Sepia took over as I was processing this shot. It captured the mood and glorified the fog rising over the lake.



We still had another 25 miles to go on this 56 mile circuit on the edge of the Boundary Waters and on the edge of the Laurentian Highlands. We passed a continental divide that confused the rivers and sent streams flowing in awkward directions.

Suddenly, there were lakes everywhere, on either side of the road. Is that ice I spotted on some of the shallow lakes? Yes, it was and that was a frightening reminder of the next season just waiting to begin with a rush of cold air from Canada. How far were we from Canada. It couldn't have been more than 30 miles.

The freezing ice created natural jigsaw puzzles, fragile yet geometrically and chaotically beautiful. The ice was pushing the air into bubbles that appeared in cloudy pockets.



The cattails lined the edges of these lakes, standing tall and pristine in a shade of royal brown, distinctly more bold than the blanket of fallen leaves.



After lunch is when we started spotting more wildlife. We searched the lakes for wading moose, but luck was not with us that day. The Big D is always telling me to keep my eye out for wolf tracks because of his hopes of capturing one on film. I always snicker incredulously at this request. I was duly impressed when he slammed on the brakes and started backing up to the spot where he say these tracks. Not wolf tracks, but deer. A little too small for moose, but it could have been a small moose.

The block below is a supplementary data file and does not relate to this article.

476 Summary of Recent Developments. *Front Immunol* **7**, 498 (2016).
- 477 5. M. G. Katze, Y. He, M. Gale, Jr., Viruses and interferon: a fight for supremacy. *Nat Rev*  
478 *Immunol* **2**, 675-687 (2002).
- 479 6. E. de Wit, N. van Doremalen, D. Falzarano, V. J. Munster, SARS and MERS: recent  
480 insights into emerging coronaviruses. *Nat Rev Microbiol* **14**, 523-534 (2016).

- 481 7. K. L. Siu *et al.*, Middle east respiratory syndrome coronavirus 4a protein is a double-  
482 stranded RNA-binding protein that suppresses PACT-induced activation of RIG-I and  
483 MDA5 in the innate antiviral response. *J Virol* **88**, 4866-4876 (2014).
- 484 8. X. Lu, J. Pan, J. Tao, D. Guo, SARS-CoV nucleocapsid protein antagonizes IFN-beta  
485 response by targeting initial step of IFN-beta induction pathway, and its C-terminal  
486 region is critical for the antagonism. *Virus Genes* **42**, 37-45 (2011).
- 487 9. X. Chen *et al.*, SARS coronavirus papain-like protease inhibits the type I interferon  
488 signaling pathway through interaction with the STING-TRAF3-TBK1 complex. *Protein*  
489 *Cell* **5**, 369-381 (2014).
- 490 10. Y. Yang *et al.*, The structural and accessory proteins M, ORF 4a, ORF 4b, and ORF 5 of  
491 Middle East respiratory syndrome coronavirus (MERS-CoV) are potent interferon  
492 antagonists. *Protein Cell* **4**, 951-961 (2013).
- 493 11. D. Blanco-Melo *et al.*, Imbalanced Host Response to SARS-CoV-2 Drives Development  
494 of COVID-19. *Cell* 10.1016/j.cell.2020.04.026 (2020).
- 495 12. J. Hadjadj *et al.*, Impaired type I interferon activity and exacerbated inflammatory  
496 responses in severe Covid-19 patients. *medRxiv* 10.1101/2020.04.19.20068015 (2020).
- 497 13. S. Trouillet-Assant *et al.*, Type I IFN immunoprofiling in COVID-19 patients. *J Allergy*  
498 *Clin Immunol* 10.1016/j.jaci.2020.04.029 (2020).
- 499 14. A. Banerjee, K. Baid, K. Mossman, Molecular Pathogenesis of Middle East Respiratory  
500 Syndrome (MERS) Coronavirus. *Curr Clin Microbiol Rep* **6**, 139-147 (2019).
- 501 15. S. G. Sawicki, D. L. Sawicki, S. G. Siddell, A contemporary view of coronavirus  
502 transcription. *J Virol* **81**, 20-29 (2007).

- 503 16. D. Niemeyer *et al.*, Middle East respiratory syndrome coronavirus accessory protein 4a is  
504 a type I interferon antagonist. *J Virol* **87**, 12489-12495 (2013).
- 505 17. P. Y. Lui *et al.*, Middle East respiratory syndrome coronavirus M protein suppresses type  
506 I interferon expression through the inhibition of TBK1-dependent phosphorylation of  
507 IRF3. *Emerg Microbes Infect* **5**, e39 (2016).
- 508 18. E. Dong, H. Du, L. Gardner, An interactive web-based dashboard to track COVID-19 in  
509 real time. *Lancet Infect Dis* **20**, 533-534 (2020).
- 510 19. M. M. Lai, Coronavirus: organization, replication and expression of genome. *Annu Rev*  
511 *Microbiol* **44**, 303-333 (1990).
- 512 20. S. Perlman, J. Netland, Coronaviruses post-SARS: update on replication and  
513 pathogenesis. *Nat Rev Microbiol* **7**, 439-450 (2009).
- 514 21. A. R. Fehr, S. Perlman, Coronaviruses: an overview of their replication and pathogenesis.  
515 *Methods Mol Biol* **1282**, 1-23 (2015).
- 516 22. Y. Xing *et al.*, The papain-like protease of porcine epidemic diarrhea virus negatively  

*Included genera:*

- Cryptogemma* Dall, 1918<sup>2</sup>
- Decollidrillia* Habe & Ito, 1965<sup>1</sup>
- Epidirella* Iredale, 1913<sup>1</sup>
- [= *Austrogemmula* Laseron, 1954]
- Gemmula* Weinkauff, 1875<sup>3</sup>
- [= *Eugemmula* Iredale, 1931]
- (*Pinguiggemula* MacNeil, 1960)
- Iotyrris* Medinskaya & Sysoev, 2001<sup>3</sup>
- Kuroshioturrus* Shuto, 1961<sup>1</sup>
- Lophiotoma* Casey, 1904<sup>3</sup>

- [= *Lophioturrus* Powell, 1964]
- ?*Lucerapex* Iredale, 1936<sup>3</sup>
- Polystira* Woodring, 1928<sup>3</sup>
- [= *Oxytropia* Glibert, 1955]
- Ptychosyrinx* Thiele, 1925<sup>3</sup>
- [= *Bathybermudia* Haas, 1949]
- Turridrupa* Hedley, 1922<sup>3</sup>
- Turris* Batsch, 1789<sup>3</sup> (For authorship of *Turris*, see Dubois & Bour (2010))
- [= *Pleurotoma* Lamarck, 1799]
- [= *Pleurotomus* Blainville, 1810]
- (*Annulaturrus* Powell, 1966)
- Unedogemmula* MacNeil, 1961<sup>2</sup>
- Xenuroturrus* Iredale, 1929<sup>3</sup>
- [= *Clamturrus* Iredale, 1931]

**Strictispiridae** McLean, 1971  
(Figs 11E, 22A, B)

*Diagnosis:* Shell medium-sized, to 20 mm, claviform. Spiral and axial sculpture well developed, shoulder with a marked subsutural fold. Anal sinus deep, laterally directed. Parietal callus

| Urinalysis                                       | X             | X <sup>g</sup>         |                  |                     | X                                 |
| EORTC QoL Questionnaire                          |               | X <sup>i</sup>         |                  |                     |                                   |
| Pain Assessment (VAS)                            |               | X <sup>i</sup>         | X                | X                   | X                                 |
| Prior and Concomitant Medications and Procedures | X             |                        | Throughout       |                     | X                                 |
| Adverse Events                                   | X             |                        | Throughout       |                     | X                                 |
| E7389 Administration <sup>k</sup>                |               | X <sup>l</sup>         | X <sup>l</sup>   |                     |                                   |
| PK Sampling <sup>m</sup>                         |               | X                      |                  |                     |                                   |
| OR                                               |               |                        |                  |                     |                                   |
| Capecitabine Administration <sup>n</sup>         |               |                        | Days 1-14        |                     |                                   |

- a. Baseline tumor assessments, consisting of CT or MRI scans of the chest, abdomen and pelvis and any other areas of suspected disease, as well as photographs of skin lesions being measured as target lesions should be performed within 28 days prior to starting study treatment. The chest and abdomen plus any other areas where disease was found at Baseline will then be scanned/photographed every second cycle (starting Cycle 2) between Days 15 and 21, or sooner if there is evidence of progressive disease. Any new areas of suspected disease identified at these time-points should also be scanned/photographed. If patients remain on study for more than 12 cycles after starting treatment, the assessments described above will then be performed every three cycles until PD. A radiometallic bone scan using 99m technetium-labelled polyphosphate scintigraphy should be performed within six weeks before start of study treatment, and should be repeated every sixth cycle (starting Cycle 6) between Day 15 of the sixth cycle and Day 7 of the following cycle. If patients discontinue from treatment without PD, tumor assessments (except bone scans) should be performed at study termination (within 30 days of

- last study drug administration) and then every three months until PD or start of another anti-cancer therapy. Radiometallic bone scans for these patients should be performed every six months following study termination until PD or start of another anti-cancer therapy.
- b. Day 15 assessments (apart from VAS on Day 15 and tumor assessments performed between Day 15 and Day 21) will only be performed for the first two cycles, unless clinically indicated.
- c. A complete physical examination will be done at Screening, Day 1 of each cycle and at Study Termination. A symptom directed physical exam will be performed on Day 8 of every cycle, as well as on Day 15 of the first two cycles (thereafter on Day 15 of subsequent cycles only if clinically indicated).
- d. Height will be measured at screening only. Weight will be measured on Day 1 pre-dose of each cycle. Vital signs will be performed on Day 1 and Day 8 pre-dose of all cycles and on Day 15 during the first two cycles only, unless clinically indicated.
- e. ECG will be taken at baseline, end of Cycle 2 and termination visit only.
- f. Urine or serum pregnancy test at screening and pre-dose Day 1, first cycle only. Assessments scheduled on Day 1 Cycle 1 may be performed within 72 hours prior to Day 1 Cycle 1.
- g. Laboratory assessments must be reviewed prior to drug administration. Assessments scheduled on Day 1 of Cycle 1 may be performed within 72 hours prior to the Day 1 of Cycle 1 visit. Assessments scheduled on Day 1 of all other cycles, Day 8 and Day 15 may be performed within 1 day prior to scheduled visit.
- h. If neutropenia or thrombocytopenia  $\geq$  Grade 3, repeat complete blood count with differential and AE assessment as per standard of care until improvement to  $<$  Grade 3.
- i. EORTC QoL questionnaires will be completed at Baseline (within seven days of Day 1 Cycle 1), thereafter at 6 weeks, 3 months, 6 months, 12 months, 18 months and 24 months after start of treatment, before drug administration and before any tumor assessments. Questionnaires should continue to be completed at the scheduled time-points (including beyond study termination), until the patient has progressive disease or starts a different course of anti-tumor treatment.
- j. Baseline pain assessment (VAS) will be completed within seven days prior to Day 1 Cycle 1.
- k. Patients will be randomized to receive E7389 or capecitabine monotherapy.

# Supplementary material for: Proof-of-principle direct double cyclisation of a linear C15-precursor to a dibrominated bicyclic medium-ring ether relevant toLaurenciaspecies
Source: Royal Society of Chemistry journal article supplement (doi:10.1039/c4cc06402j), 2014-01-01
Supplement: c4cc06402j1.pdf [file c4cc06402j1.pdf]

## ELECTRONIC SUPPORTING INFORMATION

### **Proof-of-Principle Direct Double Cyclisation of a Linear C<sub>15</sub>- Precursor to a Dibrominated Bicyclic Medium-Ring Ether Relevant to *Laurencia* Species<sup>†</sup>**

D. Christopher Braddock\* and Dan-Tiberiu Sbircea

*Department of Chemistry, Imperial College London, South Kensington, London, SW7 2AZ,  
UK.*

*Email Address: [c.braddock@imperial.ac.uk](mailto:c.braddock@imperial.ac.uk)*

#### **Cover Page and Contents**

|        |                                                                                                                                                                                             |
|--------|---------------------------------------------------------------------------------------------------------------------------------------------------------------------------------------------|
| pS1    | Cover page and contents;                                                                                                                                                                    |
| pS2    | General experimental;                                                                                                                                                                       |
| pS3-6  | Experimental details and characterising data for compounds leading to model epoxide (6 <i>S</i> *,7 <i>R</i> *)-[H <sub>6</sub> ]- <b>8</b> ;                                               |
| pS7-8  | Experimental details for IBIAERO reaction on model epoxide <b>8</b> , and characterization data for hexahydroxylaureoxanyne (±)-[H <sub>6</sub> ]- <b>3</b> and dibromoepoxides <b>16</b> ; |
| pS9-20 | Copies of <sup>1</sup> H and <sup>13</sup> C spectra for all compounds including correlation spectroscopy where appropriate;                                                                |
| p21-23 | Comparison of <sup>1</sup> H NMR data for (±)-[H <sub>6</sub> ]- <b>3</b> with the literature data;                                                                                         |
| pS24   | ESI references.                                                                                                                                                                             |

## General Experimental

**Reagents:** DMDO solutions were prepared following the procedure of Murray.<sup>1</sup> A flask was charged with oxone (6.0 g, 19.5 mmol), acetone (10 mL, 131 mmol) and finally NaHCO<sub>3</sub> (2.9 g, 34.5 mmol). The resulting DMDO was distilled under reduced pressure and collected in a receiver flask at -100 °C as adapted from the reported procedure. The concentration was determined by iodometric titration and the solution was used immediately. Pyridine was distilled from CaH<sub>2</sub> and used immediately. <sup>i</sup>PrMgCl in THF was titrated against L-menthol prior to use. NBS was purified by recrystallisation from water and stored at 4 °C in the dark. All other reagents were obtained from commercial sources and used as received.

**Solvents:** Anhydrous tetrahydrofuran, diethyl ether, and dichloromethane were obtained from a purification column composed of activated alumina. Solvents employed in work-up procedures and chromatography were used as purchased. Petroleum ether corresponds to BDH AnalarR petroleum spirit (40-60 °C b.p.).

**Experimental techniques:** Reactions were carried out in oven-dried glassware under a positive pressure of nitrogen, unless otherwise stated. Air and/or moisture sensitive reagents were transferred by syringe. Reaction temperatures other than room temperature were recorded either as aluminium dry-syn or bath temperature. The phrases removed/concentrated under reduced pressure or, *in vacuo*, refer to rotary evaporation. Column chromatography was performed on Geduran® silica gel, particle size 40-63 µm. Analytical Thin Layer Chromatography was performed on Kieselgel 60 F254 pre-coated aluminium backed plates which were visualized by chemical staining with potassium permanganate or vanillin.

I wish that had been our only encounter with deer. I'll tell you why in the next segment of this journey.



Another mile or so and we found this owl who clung precariously to the top of this tree. We stayed here for a long time waiting patiently for this owl to take flight. Instead, he (or she) stared at us and did little head slides back and forth, occasionally spinning its head all around to spot prey. Any sounds from another type of bird seemed to send this owl off on high alert, but it remained perched on that choice spot while we drove away.



A little closer to town, we thought we spotted another owl. Here is where we encountered traffic again, but we took the risk to pull over on the side of the road on a curve with cars and SUVs whizzing by. This owl was in a distance and as I shot a few pictures through my zoom lens, I began to realize this bird was situated too perfectly in the center. It wouldn't move, or twitch when the Big D honked the horn. It wasn't bird at all! It was some sort of decoy, a plastic fake! Humbled, we started our descent into Grand Marais.



After spotting that one fake, I began to see them everywhere. I'm still not sure why they were places on these poles. Is it to scare of seagulls? Geese?

The drive down into Grand Marais was extremely foggy with little or no visibility. I'll save that adventure for the next post. If you've never been in this area I highly recommend it. But, go, if you can, during the off-season so that you can have the whole region to yourselves!